Dysfunctional neurons in the hippocampus of adult female mice modeling dementia can be repaired and reconnected to distant parts of the brain, reports a new study published in JNeurosci. The similarity between the mouse model and the human condition underscores the therapeutic potential of targeting these cells in dementia patients.
Representative images of the hippocampus and Entorhinal cortex. Credit:Terreros-Roncal et al. JNeurosci (2019).
The hippocampus generates new brain cells throughout life and is implicated in neurodegenerative diseases. María Llorens-Martín and colleagues at the Centro de Biología Molecular "Severo Ochoa" (CBMSO, CSIC-UAM) used a mouse model of frontotemporal dementia to investigate the effects of the disease on dentate granule cells.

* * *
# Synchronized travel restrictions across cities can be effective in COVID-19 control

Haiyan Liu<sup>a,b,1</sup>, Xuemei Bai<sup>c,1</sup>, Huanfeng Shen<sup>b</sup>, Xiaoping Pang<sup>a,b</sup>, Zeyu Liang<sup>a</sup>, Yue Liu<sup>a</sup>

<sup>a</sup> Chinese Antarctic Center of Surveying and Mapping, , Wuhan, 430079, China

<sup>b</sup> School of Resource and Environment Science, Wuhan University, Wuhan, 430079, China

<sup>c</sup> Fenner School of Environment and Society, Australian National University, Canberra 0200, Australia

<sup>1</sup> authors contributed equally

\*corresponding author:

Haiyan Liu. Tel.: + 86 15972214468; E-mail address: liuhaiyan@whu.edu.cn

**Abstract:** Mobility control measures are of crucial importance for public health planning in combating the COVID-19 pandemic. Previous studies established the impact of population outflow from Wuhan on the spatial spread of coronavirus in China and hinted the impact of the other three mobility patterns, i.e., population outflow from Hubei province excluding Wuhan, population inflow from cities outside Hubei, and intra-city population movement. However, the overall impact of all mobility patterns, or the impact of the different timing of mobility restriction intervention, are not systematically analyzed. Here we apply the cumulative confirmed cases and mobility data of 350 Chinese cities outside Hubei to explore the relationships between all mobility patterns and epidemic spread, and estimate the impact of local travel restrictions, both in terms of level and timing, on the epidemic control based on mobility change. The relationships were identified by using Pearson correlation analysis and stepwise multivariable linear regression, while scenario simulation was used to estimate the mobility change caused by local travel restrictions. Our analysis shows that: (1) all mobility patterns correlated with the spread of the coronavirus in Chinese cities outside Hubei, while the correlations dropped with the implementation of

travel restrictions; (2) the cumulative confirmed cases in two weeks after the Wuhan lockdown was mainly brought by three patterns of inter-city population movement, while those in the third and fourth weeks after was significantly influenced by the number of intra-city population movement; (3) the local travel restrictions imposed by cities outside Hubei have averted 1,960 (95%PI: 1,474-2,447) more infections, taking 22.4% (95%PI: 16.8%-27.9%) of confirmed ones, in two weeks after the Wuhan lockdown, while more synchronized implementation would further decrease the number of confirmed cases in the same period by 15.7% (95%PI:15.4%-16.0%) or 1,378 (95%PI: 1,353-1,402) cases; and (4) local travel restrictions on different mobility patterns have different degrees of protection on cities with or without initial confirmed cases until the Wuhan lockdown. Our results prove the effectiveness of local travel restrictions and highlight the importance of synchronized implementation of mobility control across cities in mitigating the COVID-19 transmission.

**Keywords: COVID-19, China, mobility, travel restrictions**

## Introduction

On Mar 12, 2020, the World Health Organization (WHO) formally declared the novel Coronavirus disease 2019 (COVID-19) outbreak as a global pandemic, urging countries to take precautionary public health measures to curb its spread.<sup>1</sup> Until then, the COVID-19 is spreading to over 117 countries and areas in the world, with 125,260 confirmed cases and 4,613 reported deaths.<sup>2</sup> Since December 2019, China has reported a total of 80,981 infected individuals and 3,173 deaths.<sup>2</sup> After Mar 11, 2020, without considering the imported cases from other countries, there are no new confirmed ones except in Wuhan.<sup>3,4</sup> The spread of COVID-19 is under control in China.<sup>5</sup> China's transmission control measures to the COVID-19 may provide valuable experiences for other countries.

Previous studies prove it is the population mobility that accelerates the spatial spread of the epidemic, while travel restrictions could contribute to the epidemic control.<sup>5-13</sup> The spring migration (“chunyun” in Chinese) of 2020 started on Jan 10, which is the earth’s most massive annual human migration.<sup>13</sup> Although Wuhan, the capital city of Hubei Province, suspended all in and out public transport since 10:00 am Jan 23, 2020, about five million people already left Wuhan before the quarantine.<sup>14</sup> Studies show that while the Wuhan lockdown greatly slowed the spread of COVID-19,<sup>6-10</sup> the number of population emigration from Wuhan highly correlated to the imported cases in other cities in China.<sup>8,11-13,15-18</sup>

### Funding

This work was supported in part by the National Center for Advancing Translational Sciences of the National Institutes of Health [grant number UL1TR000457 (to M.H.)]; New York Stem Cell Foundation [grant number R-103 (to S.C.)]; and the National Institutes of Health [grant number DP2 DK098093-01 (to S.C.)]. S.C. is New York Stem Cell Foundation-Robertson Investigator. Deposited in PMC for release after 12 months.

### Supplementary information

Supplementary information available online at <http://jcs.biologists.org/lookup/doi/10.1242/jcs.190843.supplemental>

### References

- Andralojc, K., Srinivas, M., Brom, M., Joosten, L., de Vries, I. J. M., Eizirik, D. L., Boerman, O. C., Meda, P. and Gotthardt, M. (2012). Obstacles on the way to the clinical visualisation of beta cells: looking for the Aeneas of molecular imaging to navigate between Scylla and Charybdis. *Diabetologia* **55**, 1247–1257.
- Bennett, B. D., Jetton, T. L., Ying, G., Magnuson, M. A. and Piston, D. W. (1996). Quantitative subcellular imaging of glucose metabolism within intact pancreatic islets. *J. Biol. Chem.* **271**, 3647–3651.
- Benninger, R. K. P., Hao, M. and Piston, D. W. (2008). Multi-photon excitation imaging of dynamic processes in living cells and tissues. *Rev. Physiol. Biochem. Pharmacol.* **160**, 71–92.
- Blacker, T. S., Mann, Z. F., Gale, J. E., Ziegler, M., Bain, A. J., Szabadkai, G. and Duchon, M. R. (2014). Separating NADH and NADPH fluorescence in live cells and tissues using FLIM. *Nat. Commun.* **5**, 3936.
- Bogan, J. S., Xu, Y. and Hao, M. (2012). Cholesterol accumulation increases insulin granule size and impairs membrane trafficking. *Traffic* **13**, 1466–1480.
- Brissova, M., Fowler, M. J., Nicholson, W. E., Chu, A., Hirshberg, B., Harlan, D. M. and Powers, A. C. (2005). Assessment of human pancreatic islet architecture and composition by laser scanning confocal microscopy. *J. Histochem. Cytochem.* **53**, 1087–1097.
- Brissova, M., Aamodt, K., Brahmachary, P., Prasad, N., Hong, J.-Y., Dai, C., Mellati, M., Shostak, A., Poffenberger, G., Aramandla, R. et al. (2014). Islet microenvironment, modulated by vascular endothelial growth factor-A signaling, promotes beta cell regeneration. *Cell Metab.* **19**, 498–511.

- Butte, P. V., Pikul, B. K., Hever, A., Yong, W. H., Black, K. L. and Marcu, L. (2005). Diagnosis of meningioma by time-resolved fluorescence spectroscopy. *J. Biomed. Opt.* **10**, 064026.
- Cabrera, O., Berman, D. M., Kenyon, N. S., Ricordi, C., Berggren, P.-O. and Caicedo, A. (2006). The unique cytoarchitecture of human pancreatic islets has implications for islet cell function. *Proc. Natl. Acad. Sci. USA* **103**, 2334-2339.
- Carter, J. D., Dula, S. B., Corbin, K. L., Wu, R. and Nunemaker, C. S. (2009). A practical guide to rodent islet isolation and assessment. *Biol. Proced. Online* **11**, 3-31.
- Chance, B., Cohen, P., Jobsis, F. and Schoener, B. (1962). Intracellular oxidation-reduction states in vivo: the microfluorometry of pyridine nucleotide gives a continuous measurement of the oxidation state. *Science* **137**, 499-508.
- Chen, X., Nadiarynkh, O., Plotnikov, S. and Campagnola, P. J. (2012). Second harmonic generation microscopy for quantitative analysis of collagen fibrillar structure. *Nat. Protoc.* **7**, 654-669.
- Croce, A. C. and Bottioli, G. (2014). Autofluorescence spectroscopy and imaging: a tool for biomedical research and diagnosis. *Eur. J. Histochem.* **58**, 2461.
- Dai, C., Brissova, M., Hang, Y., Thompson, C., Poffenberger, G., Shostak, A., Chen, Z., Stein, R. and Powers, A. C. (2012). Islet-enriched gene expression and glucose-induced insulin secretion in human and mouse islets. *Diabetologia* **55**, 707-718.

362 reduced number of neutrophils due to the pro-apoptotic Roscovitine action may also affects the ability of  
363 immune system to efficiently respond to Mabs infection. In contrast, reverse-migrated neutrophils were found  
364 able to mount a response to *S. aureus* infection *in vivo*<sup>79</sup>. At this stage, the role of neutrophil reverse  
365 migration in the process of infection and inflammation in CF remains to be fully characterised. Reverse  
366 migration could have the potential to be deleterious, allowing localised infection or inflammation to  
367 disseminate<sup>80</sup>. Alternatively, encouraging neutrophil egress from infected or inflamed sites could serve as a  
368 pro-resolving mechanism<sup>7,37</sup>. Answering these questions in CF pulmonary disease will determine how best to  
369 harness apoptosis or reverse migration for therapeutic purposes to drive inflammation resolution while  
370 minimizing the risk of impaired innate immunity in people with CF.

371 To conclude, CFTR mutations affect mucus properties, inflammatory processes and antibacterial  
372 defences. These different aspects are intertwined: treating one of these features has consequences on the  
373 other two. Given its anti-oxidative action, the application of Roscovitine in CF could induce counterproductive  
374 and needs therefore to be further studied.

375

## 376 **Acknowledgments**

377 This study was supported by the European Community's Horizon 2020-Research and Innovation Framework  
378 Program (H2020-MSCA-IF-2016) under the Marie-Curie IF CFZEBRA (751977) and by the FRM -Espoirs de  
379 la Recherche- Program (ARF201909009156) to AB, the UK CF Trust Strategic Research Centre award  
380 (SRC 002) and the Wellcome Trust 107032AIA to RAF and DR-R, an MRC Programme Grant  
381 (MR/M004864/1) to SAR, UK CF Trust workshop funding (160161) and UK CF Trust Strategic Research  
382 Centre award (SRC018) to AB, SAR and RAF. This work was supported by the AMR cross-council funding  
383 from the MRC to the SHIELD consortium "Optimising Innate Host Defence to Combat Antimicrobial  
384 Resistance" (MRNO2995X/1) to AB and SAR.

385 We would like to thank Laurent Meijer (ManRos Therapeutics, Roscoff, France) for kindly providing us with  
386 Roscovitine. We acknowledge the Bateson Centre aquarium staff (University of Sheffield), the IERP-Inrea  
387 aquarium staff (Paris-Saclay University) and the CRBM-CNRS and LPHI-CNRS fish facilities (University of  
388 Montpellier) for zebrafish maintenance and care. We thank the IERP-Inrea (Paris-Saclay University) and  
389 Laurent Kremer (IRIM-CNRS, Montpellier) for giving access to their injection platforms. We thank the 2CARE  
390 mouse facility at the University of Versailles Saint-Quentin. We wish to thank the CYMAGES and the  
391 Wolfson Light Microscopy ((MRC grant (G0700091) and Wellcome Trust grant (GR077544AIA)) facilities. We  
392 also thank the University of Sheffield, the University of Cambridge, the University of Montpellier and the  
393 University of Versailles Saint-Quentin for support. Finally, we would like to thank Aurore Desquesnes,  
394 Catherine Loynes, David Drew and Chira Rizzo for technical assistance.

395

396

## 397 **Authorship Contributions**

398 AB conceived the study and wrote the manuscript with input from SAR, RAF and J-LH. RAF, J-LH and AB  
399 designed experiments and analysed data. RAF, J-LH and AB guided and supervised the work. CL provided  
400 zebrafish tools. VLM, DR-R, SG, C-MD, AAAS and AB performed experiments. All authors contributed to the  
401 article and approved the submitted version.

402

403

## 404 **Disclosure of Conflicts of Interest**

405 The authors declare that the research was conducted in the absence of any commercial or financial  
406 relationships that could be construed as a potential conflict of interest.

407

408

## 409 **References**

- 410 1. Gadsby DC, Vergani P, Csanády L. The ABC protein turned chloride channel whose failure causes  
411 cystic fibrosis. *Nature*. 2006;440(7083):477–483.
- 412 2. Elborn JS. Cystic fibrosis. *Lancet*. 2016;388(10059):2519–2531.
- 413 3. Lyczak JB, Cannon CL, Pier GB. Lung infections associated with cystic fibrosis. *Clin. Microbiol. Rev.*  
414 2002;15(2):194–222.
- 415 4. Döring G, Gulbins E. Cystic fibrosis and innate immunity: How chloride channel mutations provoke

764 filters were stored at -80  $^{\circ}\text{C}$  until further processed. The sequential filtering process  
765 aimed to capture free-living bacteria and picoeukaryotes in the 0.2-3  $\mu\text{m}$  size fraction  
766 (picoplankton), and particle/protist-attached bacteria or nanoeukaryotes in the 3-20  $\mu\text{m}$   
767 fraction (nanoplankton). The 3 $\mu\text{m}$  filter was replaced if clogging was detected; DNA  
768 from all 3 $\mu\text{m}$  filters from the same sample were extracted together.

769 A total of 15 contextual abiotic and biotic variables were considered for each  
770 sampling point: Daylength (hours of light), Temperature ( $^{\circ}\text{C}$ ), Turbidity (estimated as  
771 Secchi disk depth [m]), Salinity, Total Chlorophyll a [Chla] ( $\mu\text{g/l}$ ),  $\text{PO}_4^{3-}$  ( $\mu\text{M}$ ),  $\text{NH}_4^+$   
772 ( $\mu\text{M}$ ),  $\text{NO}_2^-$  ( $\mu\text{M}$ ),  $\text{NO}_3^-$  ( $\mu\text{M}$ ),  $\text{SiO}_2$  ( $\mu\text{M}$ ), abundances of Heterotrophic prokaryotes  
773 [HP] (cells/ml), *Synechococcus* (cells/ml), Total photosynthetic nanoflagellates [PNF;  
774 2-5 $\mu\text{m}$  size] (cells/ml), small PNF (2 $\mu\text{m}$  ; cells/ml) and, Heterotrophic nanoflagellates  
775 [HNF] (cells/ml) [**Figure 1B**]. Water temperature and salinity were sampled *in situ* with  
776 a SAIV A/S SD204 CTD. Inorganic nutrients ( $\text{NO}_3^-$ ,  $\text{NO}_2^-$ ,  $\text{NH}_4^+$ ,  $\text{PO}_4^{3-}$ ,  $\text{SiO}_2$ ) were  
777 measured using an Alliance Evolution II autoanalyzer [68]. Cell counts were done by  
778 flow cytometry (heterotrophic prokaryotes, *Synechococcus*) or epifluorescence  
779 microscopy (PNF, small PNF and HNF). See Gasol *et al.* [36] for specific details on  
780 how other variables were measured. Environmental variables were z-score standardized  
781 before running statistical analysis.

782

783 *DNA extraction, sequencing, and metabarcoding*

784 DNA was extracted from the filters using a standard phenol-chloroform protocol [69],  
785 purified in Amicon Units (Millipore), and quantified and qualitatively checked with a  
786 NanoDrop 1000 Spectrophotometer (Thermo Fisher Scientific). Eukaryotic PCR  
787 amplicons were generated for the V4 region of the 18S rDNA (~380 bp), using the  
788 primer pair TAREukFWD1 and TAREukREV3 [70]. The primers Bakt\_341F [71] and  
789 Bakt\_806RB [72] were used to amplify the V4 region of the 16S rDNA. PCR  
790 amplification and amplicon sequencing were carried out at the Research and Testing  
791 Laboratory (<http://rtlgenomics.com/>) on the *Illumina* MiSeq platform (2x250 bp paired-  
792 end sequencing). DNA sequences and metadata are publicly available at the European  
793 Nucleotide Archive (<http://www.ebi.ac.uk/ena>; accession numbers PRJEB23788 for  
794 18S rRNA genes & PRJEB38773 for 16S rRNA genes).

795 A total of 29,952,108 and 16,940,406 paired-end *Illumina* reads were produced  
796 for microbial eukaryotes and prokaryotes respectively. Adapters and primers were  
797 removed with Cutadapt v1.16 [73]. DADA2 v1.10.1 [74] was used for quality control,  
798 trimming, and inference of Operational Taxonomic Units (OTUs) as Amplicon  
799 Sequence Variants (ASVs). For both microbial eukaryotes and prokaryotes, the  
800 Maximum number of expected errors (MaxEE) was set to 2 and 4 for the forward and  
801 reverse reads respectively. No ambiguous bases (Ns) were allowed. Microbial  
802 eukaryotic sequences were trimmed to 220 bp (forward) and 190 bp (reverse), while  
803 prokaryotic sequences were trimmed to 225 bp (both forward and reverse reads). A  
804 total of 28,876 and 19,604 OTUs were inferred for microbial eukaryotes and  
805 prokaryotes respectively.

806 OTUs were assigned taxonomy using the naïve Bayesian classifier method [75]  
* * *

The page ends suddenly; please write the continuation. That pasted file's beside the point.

Compared to control subjects, the researchers observed strikingly similar alterations in newborn neurons from their mouse model and from human brain tissue of patients with frontotemporal dementia. In mice, chemically activating the cells and placing animals in a stimulating environment with running wheels and toys reversed the alterations and restore some of the connectivity disrupted by dementia. If translated to humans, these results suggest potential new directions for combating cognitive decline in the elderly.
Society for Neuroscience
Terreros-Roncal, J. et al. (2019) Activity-dependent reconnection of adult-born dentate granule cells in a mouse model of frontotemporal dementia. JNeurosci. doi.org/10.1523/JNEUROSCI.2724-18.2019.